Data privacy has become increasingly important in this era. Usually, individuals (Data Subjects) provide their data to businesses (Data Controllers) to access information; and with the growth of internet use in Africa, a continent of 1 billion people. This ubiquity has been fueled by rapidly expanding mobile broadband networks and ever more affordable phones through which data is increasingly harnessed. More than half of Africa’s 54 countries have no data protection or privacy laws. And, of the 14 countries that do, nine have no regulators to enforce them, the group says.
The major law regulating data privacy in Nigeria is the Nigeria Data Protection Regulation 2019; while in in South Africa; The Protection of Personal Information Act 4 of 2013 (“POPI”) was signed by President Zuma on 19 November 2013. As stated in the preamble, the purpose of POPI was, in line with international standards, to regulate “the processing of personal information by public and private bodies in a manner that gives effect to the right to privacy subject to justifiable limitations that are aimed at protecting other rights and important interests; However, it is important to mention that most Data Controllers are unaware that they are subject to grave liability from failure to adhere to these regulations or by data subjects avoiding its website which could cost it financial loss due to its ability to protect the privacy of data subjects or hedge itself from the breach.
- Nigerian Law Requires It
- in the case of a Data Controller dealing with more than 10,000 Data Subjects, payment of the fine of 2% of Annual Gross Revenue of the preceding year or payment of the sum of 10 million Naira, whichever is greater;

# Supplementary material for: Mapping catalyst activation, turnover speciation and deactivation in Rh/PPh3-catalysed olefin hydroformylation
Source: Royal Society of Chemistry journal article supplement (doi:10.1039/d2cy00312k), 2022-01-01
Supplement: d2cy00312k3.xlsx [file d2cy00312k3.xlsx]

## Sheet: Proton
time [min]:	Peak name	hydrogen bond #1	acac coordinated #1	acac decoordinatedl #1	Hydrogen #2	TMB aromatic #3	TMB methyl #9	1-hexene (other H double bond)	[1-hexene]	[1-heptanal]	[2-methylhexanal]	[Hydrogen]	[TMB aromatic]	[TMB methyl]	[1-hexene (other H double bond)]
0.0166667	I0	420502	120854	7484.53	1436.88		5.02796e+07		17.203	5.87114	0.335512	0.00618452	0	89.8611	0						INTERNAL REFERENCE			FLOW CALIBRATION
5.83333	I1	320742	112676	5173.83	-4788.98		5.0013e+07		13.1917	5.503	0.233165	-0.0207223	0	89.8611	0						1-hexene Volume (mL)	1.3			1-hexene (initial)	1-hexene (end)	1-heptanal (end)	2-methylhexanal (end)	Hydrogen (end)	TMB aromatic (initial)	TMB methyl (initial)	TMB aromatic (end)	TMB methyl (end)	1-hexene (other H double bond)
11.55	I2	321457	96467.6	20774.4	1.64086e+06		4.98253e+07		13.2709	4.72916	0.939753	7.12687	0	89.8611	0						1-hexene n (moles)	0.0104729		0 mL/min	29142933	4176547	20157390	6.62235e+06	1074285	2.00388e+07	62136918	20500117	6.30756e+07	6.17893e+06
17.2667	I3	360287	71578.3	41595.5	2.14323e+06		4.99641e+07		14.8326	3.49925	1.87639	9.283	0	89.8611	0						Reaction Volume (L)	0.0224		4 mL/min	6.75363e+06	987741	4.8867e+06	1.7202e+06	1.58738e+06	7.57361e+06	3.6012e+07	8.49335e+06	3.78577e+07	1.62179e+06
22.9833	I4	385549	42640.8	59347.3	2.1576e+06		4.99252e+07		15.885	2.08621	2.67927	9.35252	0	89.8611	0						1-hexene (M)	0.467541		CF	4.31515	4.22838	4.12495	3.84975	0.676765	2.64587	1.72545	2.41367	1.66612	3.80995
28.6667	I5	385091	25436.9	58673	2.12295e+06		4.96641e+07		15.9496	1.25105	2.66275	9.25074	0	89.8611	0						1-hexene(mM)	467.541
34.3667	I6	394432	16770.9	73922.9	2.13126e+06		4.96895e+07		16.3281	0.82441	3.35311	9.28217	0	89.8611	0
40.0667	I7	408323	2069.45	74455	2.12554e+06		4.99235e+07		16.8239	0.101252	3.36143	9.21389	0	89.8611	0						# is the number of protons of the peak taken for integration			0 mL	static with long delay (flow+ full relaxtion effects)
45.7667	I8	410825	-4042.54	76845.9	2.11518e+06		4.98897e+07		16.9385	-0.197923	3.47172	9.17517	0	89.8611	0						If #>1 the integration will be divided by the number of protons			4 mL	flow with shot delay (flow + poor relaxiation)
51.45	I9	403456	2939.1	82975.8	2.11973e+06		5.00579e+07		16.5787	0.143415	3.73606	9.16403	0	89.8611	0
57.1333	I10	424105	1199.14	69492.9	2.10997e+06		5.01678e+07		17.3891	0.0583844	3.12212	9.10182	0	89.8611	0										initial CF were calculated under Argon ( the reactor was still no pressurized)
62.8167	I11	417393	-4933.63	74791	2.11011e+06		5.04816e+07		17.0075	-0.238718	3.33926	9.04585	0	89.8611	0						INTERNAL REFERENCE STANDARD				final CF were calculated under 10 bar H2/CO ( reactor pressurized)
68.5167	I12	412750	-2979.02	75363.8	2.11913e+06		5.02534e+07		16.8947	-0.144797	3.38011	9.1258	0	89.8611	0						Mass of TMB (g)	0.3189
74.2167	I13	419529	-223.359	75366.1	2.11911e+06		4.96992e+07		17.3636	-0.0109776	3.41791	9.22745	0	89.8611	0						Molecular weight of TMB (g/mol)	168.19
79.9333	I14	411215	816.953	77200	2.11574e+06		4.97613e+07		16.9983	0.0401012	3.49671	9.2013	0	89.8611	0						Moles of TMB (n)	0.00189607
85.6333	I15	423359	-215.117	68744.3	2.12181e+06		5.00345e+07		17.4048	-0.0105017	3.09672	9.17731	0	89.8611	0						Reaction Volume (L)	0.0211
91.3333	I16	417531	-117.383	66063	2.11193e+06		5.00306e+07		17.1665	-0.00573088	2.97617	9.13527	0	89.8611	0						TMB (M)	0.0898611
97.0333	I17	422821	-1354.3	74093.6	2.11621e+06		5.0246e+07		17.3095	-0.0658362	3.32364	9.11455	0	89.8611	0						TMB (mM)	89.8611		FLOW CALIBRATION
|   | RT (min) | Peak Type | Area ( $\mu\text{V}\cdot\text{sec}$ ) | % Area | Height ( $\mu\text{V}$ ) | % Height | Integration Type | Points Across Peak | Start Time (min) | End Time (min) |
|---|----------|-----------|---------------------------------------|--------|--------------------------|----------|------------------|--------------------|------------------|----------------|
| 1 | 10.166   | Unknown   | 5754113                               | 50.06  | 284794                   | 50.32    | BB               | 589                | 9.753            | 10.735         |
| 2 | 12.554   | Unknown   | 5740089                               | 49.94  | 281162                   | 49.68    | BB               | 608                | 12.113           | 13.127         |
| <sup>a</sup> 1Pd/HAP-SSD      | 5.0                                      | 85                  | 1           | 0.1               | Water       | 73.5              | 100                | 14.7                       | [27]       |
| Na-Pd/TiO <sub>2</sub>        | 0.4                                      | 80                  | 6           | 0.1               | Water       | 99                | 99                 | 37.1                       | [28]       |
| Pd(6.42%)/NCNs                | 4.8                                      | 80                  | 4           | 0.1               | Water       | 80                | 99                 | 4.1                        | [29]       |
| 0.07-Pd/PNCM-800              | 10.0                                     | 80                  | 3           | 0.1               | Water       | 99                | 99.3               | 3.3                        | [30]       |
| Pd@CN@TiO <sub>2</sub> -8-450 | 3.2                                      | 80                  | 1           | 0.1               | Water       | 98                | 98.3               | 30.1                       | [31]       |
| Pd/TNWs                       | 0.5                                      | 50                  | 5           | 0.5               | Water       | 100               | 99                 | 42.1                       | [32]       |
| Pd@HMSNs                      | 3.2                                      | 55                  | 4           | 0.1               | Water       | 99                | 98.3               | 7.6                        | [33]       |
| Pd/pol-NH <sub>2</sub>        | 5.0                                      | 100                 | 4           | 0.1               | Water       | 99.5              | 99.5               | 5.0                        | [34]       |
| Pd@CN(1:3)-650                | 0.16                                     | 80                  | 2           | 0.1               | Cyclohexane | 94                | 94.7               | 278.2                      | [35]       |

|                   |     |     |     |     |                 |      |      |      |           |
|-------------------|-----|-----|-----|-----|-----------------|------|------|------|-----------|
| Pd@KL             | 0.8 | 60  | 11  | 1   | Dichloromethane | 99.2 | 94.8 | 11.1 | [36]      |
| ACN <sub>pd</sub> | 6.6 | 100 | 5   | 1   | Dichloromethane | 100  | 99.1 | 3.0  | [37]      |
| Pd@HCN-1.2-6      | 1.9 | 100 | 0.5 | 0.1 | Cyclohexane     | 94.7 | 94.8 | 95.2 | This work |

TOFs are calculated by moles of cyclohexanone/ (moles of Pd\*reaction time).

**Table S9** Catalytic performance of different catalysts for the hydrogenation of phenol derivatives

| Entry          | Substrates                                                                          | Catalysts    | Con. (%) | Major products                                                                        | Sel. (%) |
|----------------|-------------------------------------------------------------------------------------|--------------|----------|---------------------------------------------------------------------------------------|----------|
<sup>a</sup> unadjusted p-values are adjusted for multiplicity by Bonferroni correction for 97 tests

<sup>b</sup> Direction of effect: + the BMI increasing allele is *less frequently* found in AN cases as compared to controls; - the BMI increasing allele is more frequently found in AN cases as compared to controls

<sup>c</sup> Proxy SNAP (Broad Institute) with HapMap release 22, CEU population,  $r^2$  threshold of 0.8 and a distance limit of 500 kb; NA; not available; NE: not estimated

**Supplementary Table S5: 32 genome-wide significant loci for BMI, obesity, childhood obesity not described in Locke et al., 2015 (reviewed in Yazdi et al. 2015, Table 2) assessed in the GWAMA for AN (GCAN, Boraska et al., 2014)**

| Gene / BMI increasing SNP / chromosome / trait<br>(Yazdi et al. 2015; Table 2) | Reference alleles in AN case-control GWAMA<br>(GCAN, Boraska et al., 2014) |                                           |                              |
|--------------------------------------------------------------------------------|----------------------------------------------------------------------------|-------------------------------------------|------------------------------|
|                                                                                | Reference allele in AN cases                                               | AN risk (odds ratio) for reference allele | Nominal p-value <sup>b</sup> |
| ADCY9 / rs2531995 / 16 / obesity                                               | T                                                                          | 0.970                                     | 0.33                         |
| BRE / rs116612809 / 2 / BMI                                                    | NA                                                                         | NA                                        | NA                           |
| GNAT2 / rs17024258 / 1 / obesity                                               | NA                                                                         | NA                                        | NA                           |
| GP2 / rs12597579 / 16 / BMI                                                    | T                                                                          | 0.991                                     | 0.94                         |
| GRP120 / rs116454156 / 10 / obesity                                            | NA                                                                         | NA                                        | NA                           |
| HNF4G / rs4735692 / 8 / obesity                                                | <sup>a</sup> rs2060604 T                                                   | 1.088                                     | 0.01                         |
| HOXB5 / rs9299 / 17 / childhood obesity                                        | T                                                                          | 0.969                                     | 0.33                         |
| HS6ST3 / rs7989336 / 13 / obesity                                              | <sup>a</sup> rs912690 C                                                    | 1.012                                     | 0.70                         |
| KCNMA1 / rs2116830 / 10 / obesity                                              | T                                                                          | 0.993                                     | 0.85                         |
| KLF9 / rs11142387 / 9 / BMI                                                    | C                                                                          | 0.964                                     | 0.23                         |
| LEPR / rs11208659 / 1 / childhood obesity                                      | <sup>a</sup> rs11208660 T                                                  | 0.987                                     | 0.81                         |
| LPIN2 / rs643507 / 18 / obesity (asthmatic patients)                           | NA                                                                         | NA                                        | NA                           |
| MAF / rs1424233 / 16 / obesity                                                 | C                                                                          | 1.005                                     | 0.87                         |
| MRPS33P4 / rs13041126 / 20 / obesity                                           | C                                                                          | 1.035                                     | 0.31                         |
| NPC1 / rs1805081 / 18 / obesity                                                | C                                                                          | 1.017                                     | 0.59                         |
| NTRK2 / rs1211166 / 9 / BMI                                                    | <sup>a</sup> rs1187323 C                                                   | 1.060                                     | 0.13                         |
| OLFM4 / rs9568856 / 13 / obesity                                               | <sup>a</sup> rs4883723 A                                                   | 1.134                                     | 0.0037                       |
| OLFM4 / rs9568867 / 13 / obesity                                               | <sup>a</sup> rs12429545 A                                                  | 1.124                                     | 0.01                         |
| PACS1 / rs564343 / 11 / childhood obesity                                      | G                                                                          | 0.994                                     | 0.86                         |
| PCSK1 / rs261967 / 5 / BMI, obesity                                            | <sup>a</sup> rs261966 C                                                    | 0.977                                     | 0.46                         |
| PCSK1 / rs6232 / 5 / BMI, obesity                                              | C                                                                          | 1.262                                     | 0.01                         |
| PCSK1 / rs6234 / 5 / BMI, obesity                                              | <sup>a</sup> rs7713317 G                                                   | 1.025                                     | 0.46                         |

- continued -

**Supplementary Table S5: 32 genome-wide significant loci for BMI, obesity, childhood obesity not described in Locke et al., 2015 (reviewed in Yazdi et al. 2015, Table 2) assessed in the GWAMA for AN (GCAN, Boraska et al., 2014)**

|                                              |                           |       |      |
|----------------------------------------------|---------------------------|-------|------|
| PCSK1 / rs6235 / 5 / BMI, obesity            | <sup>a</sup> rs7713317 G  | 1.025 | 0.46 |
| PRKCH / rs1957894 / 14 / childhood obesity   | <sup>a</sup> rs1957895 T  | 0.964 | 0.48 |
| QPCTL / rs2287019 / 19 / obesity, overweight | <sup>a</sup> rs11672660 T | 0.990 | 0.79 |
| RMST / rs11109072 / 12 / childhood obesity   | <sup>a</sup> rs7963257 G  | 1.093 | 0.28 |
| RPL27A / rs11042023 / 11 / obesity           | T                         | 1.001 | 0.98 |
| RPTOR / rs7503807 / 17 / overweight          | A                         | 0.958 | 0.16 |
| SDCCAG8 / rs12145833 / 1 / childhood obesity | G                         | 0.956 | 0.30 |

- in the case of a Data Controller dealing with less than 10,000 Data Subjects, payment of the fine of 1% of the Annual Gross Revenue of the preceding year or payment of the sum of 2 million Naira, whichever is greater.
As a Data Subject uses your service or scrolls your website, he or she will want to know:
- why you collect his/her data;
- what kinds of data you collect from him/her;
- whether you will disclose the data to law enforcement agents if there will be a case; and
- how he/she can unsubscribe from your emails.
- It Increases the Prospect of a Business
The content of a Data Collector’s website is sophisticated, and it is one targeted to clients that are usually buoyant, enlightened, and not nationals of Nigeria.
The implication of this is that where you have clients who cannot guarantee that their privacy and details will be protected, they will immediately not browse through your website; and it is certain that they will never sign up for your website. The implication? You lose serious prospects as clients. With the rise in identity theft and corporate data breaches, at a government and corporate level, consumers are extremely interested in protecting their personal information. Savvy customers want to know that you are safeguarding their information and how you will be using it.
Similarly, by staying on the safe side and providing users with what would make them feel secure and protected, you automatically increase your assets. Research has shown that if you are honest and upfront with visitors, many more of them will do what you want them to do
- Build Trust
Being transparent towards your users is possibly the most important moral reason. Providing your clients and customers with a clear picture of why and how you process their personal data makes your clients feel secure.
Last, but not least, those who actually do thoroughly read that key legal document will feel safer, more comfortable, will use your website or mobile app longer and are much likely to refer friends or recommend your product. Therefore, do give your users a peace of mind!
- It is recommended that you avoid copying and pasting privacy policies of other Data Controllers, you may copy blind, it is advisable you give it to someone with qualities in reviewing these policies in line with country specific laws.
The author, Adedoyin Fadare, is a Legal practitioner who specialises in IT, Data privacy and intellectual property Law in Nigeria. He is also the Chief Publisher at The People’s Accolade Law Magazine (www.thepalmagazine.com)